Ultimately, the scope of the broker's obligation will depend on the particular circumstances of the case, including the sophistication of the client and the number of times he has met with the broker. It should be noted that the broker is not generally expected to conduct a detailed investigation into his client's business. Where a client who appears to be well-informed as to his business provides information to the broker, the broker is not himself expected to investigate the position. 

On the facts, the Court found that Giles had satisfied its duty to provide a proper explanation of the basis of BI cover (and how to fix the sums insured) to Eurokey in 2009. The Judge's approach to the 2010 pre-renewal meeting was informed by his finding that adequate advice had previously been given to Mr Bisland in 2009. Consequently, in 2010 there was no reason for Mr Evans of Giles to verify the sums insured provided by Mr Bisland, which were ultimately passed on to insurers.

A final point canvassed by the Court was whether receipt by Giles of the draft accounts to be passed to Premium Credit should have put it on notice of the underinsurance. Eurokey contended that the accounts had been supplied to Giles partially for the purpose of confirming the turnover figures (a point rejected by the judge) but that even if the accounts had been provided solely for the purpose of obtaining finance, Giles was nonetheless under a duty to review them. It would have been an easy step to allow Giles to better understand Eurokey's business, in the context of an ongoing duty of disclosure and to allow Giles to identify potential policy issues. Blair J found "little force" in Eurokey's submissions: he considered that Giles had no reason to believe that the accounts would be inconsistent with the figures it had been given and, in the circumstances, its role was simply to act as a postbox for the documents.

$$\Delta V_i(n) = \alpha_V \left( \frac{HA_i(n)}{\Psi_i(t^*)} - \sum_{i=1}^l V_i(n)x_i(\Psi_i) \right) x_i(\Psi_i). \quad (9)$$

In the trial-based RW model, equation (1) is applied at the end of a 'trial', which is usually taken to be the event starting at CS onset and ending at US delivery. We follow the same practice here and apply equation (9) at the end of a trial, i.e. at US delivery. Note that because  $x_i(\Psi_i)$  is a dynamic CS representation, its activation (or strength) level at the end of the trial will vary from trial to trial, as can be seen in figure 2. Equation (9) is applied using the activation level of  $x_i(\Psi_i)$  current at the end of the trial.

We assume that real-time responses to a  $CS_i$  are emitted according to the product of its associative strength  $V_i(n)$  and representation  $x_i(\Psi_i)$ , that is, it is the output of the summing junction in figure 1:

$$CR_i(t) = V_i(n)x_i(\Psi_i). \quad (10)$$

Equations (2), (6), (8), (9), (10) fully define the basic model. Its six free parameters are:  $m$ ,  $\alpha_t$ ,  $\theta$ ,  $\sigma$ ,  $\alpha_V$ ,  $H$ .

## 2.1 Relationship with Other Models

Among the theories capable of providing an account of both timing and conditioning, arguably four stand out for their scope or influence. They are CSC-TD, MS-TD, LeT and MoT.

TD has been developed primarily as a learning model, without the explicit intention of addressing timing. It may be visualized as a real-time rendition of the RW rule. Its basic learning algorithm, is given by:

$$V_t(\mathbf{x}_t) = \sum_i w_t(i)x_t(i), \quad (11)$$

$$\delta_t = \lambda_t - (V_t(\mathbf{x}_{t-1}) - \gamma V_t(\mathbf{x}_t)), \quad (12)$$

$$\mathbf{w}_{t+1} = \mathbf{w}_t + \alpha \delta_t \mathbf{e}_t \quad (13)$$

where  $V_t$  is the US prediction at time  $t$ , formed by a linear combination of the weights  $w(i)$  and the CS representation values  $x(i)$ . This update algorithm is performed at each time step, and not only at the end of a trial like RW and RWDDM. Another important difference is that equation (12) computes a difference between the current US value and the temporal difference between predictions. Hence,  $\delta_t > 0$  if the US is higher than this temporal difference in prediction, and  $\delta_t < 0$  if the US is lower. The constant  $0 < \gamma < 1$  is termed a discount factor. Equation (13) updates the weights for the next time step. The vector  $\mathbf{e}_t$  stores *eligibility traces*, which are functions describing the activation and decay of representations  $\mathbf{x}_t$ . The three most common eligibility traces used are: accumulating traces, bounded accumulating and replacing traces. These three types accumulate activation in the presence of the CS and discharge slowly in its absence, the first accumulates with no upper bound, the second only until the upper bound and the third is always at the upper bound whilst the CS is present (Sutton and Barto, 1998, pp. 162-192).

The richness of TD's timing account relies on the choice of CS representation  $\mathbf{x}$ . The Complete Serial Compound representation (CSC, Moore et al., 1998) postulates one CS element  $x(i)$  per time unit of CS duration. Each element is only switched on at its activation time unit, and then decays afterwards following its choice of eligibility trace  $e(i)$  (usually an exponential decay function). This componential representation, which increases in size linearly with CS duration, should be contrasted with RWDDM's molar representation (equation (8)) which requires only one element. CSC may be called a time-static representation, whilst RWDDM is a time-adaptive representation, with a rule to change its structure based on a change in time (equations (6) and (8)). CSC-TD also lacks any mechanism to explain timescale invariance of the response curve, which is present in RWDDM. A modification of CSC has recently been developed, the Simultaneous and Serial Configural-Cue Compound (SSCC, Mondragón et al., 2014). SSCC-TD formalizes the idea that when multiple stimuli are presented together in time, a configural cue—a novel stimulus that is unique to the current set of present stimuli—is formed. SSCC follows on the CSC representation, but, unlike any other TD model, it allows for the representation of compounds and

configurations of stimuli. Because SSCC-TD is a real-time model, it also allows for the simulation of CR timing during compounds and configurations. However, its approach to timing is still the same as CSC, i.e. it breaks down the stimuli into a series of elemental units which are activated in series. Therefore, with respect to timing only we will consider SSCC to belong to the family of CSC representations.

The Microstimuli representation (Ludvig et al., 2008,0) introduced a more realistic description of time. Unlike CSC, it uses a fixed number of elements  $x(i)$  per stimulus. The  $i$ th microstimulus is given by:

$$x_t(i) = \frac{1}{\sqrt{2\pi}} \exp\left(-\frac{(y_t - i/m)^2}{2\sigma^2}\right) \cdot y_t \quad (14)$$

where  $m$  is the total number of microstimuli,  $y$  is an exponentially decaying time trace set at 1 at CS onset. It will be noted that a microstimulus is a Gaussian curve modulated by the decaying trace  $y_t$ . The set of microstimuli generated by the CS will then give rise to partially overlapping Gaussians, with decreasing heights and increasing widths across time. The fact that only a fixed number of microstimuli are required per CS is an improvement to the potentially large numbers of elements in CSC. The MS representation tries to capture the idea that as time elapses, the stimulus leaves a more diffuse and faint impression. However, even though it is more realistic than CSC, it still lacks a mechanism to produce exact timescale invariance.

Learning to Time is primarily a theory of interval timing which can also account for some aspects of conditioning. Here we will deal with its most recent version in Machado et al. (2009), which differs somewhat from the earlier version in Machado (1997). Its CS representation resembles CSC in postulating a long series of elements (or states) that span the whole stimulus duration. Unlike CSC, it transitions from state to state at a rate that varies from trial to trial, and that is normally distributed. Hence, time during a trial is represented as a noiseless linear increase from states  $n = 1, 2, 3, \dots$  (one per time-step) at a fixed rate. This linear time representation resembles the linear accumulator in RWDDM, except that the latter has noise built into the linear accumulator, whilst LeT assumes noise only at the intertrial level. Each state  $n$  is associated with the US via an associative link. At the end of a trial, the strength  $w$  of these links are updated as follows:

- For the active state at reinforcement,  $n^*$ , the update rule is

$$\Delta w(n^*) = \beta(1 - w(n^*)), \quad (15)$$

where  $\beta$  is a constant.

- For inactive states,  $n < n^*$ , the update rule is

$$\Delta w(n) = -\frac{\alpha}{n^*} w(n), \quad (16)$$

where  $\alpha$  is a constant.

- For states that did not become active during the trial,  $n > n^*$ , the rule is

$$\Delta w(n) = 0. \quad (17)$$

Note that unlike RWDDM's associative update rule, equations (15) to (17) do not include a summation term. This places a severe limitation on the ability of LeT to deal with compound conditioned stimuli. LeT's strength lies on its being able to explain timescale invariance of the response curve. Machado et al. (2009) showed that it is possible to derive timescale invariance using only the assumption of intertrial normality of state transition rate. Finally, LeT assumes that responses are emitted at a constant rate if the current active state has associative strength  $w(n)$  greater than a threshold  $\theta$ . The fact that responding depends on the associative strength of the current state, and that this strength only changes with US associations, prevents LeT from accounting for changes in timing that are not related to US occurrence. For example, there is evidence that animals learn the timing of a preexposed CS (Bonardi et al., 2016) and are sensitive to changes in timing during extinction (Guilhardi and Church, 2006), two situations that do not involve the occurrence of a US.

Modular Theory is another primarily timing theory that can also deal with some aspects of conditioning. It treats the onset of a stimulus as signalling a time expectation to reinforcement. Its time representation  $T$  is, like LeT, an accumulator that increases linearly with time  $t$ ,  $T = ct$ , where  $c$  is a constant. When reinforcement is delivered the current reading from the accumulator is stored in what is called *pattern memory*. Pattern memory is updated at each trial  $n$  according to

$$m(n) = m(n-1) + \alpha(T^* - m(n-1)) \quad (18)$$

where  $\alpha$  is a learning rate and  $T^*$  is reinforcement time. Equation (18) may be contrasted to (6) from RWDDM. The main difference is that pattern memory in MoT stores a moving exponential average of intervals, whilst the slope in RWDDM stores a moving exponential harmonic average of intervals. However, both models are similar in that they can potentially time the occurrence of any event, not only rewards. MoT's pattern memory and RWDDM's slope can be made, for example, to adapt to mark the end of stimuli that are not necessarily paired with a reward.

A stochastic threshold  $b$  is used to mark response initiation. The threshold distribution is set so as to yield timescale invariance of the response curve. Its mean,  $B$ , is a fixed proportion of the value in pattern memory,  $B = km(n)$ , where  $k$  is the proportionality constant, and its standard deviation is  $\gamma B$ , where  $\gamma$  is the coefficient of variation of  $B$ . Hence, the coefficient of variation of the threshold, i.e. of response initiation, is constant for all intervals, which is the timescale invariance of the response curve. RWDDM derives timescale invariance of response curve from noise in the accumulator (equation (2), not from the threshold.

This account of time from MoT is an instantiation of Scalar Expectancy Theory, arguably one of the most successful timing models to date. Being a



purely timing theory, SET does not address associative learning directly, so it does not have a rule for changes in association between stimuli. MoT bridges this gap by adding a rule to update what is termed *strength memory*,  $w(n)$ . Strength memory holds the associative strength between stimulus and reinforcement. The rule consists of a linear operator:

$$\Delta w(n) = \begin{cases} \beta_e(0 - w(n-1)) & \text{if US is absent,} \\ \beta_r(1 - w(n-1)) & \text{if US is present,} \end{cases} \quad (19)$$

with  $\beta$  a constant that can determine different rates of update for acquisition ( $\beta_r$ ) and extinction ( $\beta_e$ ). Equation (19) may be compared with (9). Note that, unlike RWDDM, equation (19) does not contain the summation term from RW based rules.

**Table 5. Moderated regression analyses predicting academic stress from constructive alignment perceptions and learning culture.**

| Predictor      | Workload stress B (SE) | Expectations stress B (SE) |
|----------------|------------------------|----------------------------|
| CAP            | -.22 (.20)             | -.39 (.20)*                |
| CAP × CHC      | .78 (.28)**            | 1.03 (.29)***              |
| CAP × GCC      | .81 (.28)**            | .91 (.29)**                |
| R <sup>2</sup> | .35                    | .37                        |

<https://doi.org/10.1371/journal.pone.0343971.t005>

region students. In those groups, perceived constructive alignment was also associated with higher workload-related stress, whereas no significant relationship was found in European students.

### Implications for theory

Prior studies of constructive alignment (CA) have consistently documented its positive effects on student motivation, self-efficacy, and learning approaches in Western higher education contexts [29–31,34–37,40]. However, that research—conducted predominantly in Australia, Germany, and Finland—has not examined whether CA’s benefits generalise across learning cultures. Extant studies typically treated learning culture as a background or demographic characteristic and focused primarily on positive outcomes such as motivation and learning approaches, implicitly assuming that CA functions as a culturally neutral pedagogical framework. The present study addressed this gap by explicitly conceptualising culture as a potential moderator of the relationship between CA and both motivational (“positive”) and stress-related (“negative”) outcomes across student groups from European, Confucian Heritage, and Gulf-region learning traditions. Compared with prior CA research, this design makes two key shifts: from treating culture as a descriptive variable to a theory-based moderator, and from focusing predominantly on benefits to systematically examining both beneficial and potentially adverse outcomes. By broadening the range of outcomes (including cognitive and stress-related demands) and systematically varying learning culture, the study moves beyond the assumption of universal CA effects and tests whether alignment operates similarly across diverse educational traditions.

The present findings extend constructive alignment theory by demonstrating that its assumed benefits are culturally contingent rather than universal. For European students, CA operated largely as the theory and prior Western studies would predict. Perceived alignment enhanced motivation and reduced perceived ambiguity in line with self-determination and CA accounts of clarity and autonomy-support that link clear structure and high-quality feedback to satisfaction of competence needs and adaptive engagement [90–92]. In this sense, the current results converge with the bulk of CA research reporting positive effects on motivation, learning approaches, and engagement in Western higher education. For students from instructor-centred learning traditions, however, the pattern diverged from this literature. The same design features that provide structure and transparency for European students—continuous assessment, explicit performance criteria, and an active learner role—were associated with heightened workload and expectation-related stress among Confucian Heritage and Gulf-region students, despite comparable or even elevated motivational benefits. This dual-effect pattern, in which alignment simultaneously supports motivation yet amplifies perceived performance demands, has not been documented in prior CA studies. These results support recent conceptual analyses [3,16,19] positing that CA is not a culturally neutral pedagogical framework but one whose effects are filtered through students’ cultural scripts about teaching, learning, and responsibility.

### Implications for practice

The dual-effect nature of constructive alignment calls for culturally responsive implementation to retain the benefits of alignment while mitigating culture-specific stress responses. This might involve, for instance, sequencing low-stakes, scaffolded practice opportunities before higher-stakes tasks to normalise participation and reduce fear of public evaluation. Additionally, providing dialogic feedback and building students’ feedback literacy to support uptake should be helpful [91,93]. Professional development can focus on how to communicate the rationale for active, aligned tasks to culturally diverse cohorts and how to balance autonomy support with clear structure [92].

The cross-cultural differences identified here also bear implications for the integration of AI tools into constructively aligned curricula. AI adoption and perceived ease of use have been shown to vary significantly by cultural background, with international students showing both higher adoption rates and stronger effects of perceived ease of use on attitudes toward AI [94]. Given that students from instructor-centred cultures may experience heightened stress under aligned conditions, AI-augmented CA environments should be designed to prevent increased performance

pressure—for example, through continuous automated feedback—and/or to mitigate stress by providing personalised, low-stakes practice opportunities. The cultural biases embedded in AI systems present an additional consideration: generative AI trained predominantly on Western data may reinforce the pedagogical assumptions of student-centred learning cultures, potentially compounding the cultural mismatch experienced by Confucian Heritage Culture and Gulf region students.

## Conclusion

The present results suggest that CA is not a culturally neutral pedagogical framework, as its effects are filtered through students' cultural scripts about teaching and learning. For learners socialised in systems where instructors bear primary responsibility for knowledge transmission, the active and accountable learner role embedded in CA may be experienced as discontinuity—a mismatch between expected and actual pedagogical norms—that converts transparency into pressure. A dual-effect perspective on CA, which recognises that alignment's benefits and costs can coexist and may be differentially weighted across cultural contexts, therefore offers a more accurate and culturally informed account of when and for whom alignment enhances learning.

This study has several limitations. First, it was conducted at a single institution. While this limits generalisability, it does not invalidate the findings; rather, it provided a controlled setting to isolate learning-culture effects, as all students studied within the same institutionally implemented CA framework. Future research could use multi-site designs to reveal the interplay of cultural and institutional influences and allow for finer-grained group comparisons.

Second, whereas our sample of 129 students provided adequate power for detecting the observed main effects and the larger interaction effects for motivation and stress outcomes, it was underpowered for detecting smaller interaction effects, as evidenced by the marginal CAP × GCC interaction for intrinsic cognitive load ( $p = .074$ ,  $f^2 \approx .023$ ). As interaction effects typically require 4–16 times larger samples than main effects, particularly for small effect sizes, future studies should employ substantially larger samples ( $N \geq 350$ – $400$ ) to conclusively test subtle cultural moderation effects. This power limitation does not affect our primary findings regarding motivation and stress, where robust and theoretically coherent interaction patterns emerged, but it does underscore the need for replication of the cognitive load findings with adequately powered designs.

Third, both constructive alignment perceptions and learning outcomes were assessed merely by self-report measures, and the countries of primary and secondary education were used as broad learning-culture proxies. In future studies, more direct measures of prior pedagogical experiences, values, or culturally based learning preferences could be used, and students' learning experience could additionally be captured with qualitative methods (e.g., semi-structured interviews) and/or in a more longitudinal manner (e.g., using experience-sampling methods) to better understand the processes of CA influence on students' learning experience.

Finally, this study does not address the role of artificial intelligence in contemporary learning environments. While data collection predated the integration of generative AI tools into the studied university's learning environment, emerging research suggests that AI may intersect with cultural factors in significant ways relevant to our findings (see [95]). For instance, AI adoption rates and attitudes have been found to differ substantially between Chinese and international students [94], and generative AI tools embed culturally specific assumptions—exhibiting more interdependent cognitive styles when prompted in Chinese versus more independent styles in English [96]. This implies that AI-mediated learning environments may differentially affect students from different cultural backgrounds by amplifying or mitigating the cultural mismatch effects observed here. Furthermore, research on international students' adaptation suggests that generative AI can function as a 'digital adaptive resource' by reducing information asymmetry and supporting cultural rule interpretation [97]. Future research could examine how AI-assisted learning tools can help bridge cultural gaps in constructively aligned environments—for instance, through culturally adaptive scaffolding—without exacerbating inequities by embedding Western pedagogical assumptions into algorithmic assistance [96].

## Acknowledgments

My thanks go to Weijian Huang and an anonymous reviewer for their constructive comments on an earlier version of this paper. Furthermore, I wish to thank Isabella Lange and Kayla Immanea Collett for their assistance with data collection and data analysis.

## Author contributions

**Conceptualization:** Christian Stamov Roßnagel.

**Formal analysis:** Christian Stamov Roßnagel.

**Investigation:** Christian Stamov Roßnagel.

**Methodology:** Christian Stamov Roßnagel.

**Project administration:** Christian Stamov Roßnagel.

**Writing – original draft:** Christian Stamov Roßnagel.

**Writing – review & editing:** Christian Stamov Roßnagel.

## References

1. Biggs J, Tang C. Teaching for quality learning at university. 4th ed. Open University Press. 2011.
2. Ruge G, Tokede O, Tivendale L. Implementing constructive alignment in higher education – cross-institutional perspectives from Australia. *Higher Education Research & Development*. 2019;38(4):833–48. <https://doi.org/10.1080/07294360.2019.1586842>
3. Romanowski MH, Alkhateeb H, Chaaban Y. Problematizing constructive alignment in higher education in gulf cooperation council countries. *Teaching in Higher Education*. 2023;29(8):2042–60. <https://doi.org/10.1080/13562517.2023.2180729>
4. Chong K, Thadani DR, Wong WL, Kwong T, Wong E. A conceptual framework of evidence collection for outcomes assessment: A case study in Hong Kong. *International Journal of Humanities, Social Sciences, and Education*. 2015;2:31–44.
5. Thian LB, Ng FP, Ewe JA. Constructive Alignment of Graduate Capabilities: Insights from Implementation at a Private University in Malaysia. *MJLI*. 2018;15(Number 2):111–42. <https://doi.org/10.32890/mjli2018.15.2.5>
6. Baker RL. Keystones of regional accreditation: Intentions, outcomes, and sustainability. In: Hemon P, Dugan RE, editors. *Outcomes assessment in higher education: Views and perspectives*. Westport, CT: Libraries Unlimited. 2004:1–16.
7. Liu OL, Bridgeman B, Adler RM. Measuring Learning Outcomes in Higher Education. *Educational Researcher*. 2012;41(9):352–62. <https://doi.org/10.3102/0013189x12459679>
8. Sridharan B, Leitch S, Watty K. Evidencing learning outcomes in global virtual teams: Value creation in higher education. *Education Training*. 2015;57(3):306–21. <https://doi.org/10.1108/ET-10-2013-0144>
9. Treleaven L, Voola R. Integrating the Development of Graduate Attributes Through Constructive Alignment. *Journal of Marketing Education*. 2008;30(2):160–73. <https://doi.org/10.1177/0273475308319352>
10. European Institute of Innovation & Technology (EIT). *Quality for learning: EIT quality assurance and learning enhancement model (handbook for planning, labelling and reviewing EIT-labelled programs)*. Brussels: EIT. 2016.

Causation

Giles additionally raised three causation arguments in relation to the losses claimed by Eurokey.  First, if the Court found that the shortfall in the BI sums insured was the responsibility of Giles, it would not have made any material difference to the settlement achieved by Eurokey.  Secondly, even absent BI underinsurance Paladin would have threatened to avoid the policy on the basis of the underinsurance of stock and machinery in any event.  Thirdly, alternative cover for Eurokey would not have been available on the market, or would have been only available on significantly more onerous terms.  All three of these points were rejected by the Court.

Comment

Whilst the outcome in this case turned heavily on its own facts, the decision is nonetheless an object lesson in the importance of insureds understanding the basis on which the sums to be insured under BI policies are calculated.  The decision gives a helpful summary of the scope of a broker's duties as they apply in the context of placing BI cover. Importantly, whilst brokers are under a duty to assist their clients with the process of insuring against BI risks by explaining the operation of the policy cover (and taking reasonable steps to ensure that such explanations are understood), the duty does not extend to carrying out the calculation of sums insured or selection of maximum indemnity periods from the information provided by the insured.

Insureds therefore continue to be faced with the difficult task of setting the appropriate level of cover for BI, in particular, as this case highlights, setting sums insured for insurable gross profit, and defining the necessary maximum indemnity period. Misjudging the level of cover required risks underinsurance, and in particular the risk of the application of average to reduce the insured's loss in proportion to any such underinsurance. It might be hoped that this case will provide further encouragement (if any were needed) for insureds and brokers to sit down together and address these issues.